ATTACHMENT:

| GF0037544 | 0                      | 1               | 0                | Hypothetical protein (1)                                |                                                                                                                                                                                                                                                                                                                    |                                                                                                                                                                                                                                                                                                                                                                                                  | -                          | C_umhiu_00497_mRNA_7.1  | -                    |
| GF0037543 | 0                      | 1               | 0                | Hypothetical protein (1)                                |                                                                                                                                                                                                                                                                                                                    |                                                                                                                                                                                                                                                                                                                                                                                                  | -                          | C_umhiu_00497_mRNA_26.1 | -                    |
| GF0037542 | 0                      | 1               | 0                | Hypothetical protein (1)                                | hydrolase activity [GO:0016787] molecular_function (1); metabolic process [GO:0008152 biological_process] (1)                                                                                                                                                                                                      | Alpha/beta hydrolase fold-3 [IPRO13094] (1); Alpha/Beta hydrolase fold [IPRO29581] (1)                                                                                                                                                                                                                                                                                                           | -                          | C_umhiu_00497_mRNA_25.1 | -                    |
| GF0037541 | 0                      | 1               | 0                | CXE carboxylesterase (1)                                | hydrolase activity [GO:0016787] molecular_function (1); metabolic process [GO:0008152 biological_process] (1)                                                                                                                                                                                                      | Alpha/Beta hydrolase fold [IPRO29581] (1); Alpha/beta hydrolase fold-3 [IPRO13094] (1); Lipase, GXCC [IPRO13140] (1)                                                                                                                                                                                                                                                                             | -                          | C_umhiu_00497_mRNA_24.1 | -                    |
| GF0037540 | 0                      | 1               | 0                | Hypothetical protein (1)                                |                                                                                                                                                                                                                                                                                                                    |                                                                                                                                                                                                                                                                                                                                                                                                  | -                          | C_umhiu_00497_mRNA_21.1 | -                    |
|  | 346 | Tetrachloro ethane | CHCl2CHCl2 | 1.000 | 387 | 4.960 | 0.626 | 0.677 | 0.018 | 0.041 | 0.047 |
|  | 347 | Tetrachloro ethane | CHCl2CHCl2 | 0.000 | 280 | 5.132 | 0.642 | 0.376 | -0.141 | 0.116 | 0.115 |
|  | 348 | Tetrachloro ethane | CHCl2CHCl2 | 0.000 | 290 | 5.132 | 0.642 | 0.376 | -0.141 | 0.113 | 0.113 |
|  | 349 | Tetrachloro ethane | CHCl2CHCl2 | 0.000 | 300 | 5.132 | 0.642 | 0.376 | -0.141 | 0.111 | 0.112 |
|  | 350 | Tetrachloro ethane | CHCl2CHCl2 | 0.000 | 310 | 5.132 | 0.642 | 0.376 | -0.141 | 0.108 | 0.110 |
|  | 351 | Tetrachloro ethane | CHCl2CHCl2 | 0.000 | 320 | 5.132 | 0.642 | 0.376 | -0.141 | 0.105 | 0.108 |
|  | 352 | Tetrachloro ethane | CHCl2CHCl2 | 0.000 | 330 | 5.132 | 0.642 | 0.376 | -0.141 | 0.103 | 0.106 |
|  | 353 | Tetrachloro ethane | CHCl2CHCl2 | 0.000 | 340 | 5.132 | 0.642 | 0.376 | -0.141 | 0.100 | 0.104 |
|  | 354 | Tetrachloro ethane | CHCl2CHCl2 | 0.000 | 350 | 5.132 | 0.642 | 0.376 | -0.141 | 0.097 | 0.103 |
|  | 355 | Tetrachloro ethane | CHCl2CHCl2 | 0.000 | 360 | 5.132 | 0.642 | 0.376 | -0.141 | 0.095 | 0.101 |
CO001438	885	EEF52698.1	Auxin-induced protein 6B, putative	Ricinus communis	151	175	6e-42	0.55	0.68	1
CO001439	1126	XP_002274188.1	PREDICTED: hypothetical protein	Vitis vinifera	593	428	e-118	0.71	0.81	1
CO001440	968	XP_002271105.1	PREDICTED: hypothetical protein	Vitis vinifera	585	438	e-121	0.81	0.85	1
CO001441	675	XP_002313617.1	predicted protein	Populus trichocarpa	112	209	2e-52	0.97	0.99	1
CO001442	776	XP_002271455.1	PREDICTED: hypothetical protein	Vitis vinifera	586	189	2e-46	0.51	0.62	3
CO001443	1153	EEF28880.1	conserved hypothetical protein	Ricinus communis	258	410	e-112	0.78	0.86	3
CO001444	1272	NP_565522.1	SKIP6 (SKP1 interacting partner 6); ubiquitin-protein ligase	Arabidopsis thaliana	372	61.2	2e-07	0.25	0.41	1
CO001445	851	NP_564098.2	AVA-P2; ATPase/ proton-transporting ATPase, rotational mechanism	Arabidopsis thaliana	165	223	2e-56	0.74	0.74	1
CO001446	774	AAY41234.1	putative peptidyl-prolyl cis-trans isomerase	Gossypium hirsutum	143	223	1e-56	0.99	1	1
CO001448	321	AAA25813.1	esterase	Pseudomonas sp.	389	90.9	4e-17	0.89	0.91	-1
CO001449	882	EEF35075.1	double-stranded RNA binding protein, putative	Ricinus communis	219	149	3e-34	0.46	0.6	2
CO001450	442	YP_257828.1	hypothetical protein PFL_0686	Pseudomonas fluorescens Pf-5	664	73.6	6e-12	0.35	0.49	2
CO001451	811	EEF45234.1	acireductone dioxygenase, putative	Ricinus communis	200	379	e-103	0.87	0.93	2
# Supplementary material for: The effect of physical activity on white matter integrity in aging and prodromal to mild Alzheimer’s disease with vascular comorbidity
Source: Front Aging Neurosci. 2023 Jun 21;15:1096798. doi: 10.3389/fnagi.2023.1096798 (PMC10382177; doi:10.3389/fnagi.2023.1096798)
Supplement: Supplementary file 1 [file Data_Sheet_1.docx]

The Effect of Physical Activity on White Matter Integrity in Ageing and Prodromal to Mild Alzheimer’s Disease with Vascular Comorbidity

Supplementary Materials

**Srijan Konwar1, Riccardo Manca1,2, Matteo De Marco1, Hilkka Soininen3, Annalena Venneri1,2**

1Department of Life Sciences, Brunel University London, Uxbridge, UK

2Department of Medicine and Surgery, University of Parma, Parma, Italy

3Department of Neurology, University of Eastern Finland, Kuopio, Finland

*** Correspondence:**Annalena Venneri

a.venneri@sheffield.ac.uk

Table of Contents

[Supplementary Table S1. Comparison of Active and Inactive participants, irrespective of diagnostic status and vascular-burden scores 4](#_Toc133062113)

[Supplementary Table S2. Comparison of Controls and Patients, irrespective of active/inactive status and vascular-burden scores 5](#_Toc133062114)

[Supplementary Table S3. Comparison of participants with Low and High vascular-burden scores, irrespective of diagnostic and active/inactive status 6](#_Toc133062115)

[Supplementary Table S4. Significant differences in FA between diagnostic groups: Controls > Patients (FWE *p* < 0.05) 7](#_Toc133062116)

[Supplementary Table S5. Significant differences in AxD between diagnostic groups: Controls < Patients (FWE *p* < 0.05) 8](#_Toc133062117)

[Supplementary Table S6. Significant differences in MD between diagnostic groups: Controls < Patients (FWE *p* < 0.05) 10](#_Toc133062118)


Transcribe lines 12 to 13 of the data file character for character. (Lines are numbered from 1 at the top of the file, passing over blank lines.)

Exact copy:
|  | 352 | Tetrachloro ethane | CHCl2CHCl2 | 0.000 | 330 | 5.132 | 0.642 | 0.376 | -0.141 | 0.103 | 0.106 |
|  | 353 | Tetrachloro ethane | CHCl2CHCl2 | 0.000 | 340 | 5.132 | 0.642 | 0.376 | -0.141 | 0.100 | 0.104 |